So the basic guidelines in creating characters should be: Give them flaws, allow them to doubt themselves about something, see to it that they grow and change, and make certain you are putting them in conflict. — Elizabeth George
[M]y discovering my own identity doesn’t mean that I work it out in isolation, but that I negotiate it through dialogue, partly overt, partly internal, with others.” — Charles Taylor, Multiculturalism
If you want a commercially successful novel (which is my goal, along with the same being well-written), you will do well to start out crafting at least (some will say only) three major characters in tandem.
- The protagonist (the hero/ine, the Main Character)
- The antagonist (the force or individual thwarting the protagonist’s goals)
- The protagonist’s love-interest (or deep friendship w/o the romantic element)
Yup even if you’re not writing a romance, most novels have a relational subplot, and it’s useful to think ahead about how that B-story will complicate, enhance, or help resolve the main conflict of the A-story.
How the characters relate to one another will affect the chemistry of the story itself.
For each main character, brainstorm four elements:
- Immediate goal– external (this should be easy– it’s the first thing that you see when you meet the character.)
- Desire– internal (the character should know this, even if s/he doesn’t verbalize it)
- Ghost (the thing from before the story opening that haunts him/her.)
- Need (What does this character really need. Usually unidentified– by the character– when the story opens.)
To use an example from my own work (The songs are another characterization element I use).
|Cecilia||escape||Independence||enforced passivity||stability/ someone to trust||Undone (FFH)|
|Tykone||react/revenge||Fix everything||Death of sister||acceptance||Everything you want (Vertical Horizon)|
Celia is your classic princess without the classic (lack of?) personality. She has been abused into submission and subjected to a treaty-marriage. She is sometimes the MacGuffin, but always, in as small ways as she can, exerting her independence. It’s not until she learns to trust someone to fight for her (not just for her) that she realized that her real need was to be valued for herself and know she’s not fighting alone.
Tykone is a skilled man-at-arms who as a child was unable to save his little sister from being swept away by a river. He’s (over) compensated by trying to save everyone all the time. His peace doesn’t come until he and his peers value who he is apart from what he can do. (Picking up on the theme of this novel, right?)
~ ~ ~
As the opening quote mentions, each character should be imperfect in some way. The Good cannot be 100% good, and the Bad cannot be 100% bad.
In the words of C.S. Lewis, “To be greatly and effectively wicked a man needs some virtue. What would Attila have been without his courage?”
Similarly, if the good character has nothing of shade about him, the reader can perceive nothing of his depth.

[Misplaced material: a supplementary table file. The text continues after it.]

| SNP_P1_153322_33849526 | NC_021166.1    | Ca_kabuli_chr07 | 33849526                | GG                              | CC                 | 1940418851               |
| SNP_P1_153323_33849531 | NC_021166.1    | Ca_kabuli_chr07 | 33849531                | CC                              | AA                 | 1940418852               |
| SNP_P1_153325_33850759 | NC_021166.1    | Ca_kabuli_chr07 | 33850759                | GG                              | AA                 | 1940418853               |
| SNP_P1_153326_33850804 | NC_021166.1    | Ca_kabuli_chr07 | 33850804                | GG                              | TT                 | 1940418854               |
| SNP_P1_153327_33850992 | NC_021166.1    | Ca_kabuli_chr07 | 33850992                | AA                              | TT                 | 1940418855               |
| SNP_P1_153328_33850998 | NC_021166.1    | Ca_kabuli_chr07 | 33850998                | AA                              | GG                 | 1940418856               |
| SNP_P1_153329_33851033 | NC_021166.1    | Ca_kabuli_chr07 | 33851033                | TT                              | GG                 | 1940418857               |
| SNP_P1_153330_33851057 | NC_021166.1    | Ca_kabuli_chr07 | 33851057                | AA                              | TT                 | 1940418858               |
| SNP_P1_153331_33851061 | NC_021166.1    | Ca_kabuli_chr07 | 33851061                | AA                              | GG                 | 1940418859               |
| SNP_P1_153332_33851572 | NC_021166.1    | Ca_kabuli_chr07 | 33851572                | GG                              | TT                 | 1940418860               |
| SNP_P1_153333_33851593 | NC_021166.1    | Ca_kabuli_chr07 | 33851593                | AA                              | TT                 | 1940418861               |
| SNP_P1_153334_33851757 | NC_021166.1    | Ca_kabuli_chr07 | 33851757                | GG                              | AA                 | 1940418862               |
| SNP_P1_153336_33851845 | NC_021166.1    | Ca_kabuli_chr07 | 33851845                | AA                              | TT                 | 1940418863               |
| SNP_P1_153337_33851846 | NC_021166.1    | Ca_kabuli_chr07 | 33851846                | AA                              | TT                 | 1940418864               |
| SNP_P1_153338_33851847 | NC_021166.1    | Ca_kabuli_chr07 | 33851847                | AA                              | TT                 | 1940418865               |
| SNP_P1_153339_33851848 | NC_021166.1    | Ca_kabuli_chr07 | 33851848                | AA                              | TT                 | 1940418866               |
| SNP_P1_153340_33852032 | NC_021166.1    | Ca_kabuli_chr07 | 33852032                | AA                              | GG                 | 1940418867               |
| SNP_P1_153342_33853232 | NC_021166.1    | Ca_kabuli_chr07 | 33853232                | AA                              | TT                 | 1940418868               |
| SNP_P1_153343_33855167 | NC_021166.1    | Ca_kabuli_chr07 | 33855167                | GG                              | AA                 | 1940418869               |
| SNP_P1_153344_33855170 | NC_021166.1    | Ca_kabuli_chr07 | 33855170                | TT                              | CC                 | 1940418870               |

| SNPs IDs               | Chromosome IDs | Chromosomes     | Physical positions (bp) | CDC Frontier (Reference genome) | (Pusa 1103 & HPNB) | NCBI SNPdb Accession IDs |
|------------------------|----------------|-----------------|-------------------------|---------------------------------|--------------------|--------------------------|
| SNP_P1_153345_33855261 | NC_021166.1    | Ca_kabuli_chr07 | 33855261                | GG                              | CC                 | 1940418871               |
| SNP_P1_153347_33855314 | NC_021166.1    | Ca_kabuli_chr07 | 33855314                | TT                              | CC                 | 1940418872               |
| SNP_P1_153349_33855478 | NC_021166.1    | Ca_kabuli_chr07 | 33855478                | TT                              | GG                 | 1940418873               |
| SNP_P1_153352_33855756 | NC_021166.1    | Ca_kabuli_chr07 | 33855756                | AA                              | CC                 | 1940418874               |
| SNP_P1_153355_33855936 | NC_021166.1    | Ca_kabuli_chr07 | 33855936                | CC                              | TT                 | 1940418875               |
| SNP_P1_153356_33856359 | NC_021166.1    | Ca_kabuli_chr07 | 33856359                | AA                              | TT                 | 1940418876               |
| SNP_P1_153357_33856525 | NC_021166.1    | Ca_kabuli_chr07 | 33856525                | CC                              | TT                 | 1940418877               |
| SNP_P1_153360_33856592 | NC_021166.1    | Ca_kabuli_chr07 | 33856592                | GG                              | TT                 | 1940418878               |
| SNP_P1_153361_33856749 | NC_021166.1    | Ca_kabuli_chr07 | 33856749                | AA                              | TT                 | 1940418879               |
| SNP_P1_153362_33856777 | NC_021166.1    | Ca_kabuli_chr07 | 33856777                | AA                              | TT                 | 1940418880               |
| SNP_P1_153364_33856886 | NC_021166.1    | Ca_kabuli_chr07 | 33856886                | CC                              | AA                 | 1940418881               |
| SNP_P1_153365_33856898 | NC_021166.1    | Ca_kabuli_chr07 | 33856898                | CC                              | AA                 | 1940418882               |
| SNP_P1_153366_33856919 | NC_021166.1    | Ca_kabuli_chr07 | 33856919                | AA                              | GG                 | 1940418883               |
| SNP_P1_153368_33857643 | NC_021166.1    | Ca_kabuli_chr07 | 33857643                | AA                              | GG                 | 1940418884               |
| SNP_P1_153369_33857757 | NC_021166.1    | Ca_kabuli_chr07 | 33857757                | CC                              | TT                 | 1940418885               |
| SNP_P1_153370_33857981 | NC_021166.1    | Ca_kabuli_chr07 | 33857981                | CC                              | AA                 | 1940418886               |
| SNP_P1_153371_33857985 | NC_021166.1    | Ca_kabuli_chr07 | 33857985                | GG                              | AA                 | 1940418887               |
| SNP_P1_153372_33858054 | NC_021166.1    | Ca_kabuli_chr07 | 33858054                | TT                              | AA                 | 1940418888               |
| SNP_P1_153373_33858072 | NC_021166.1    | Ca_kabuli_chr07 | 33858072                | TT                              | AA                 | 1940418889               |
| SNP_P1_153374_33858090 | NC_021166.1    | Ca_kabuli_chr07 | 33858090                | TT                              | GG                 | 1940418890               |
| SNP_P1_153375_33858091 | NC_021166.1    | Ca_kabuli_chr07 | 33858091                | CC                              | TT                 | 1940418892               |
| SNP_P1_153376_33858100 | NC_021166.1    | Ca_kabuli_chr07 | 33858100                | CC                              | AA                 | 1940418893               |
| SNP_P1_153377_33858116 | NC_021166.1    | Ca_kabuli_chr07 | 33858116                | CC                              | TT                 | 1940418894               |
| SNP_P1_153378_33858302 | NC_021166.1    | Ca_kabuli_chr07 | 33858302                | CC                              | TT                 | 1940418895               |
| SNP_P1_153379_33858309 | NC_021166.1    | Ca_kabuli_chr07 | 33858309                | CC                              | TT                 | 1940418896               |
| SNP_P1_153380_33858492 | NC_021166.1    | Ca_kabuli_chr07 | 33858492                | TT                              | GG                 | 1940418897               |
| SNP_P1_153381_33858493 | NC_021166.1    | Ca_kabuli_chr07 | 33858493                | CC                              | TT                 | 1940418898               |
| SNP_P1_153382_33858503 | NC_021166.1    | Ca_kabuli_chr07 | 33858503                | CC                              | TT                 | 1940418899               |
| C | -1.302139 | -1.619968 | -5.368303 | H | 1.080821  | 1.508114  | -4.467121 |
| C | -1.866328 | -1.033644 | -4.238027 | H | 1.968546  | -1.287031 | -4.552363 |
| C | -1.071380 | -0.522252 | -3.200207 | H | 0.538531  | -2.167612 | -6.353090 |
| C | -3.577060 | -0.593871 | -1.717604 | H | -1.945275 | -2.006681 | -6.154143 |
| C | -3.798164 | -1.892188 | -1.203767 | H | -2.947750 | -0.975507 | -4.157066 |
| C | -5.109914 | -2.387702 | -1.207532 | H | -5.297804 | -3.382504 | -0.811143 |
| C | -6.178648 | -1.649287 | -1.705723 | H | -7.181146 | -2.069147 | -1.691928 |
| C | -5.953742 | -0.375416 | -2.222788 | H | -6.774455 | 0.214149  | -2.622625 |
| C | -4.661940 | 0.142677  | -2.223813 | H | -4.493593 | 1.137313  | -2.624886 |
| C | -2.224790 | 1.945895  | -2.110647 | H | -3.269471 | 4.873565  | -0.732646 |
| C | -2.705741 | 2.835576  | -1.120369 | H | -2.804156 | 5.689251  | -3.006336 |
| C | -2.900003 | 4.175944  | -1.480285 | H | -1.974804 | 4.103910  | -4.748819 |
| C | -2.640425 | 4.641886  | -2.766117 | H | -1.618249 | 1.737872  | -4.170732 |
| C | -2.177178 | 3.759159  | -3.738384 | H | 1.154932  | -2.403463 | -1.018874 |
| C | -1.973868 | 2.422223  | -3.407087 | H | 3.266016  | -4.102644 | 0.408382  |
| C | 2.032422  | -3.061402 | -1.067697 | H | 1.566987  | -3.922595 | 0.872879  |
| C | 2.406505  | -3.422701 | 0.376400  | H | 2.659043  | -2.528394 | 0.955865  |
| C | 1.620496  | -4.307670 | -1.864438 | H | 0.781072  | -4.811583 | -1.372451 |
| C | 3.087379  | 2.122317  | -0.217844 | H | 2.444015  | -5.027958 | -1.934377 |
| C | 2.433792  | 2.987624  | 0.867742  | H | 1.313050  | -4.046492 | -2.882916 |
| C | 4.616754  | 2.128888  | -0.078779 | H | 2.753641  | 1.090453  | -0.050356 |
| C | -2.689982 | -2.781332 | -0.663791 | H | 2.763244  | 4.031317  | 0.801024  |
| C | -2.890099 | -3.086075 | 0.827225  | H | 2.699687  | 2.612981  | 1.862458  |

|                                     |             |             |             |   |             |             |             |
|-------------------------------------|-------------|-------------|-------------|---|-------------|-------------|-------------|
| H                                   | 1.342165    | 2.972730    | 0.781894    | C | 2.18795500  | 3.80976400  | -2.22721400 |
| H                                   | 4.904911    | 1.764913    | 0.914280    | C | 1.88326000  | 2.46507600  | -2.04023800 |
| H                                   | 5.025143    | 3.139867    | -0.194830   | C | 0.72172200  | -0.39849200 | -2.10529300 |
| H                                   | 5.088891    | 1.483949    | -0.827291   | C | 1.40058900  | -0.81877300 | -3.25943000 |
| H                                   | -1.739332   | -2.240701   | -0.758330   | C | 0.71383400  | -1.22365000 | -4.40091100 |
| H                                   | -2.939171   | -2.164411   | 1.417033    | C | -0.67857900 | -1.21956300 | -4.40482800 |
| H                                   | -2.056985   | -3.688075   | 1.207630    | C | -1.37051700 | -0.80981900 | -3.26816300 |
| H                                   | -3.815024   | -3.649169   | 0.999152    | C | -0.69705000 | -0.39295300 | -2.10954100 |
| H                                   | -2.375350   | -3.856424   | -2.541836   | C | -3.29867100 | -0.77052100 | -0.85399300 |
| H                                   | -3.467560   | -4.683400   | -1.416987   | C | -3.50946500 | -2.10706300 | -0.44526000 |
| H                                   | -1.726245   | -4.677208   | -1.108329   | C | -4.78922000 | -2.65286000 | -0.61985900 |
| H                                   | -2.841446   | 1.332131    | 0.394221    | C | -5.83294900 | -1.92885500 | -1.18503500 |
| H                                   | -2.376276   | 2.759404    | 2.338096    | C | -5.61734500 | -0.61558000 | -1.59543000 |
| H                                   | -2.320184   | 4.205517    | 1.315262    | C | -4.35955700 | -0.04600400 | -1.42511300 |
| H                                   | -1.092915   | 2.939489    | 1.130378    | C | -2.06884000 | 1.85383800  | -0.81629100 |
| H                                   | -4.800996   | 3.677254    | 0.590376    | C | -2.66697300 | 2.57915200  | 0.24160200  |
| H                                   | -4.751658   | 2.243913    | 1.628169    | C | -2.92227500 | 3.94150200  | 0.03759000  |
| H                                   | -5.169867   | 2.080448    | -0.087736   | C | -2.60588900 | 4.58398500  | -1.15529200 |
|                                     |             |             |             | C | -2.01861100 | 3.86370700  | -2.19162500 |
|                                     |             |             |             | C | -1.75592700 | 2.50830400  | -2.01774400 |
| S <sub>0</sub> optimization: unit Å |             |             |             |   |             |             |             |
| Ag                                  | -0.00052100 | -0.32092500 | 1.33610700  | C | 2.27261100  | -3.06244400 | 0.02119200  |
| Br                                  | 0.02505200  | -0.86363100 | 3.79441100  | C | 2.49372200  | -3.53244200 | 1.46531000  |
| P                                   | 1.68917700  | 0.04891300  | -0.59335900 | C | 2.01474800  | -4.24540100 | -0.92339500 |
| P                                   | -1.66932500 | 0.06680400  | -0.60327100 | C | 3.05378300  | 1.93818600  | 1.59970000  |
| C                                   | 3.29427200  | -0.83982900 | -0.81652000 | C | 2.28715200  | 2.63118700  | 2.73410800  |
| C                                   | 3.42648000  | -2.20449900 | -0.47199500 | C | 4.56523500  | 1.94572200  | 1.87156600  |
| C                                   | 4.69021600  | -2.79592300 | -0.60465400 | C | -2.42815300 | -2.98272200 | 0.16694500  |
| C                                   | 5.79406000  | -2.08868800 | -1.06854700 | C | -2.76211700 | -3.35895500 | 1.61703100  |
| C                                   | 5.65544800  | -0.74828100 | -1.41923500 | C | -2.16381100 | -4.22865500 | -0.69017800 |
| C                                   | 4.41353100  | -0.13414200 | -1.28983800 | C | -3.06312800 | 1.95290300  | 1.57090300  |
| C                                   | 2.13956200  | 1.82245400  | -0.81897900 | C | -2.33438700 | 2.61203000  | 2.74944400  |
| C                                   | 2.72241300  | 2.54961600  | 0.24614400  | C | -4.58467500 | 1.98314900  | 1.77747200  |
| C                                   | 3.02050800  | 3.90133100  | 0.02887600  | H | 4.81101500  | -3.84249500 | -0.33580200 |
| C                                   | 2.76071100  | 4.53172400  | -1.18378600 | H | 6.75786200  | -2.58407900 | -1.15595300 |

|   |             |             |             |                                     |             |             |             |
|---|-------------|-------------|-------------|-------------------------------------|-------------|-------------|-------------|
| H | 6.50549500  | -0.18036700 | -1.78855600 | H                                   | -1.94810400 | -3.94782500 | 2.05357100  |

And speaking of depth, one reason to develop your protagonist and antagonist in tandem is that you can consider whether to use direct comparison and/or contrasts in their skills and tendencies.
What do I mean by skills?
I mean something unique to your character that can both distinguish him/her as a individual and (ideally) be a part of the climax.
I want there to be something in my main character that is part of him/her from the beginning. I don’t need the MC to save him/herself, alone with no help, but s/he shouldn’t have to be rescued like a piece of luggage, either.
My least-favorite example of this “specialness” is Dorothy in The Wizard of Oz and her ruby slippers.
The idea that the entire adventure didn’t have to happen, and “she had what she needed all along” feels cheap and cheating to me. I’ve always thought Glinda was a jerk to freak out a poor child that way, and in the end the solution seemed “too easy.”
An example I like is from My Fair Lady. The titular lady, Eliza, asserted her rights from scene one, but it is after the training, and time, and process of the story, she was able to assert those same rights with dignity and independence.
So, give your main character a super-power.
It doesn’t have to be magical or Marvel, but it should be a part of who your character is, unique to her/him, that binds them to the story problem (or even better the story-solution).
~ ~ ~
The next thing you can do with your main characters (to significantly simplify your writing life) is make them care about big things, or care a lot about things other people see as little. It is these deep emotions “writ large” that will make the conflict most clear, and conflict is what writes the engaging story.
I love the man that can smile in trouble, that can gather strength from distress, and grow brave by reflection. ‘Tis the business of little minds to shrink, but he whose heart is firm, and whose conscience approves his conduct, will pursue his principles unto death. — Thomas Paine
Your MC may not smile in trouble, but nearly every meaningful character will (eventually) “gather strength from distress” and “pursue his principles unto death.” These are the characters that inspire us.
All writing is a fantasy.
Stories are about possibilities. Never try too hard to shelter these creations, or make the opposition too weak. It’s only when the antagonist seems too strong that we learn what your protagonist is made of.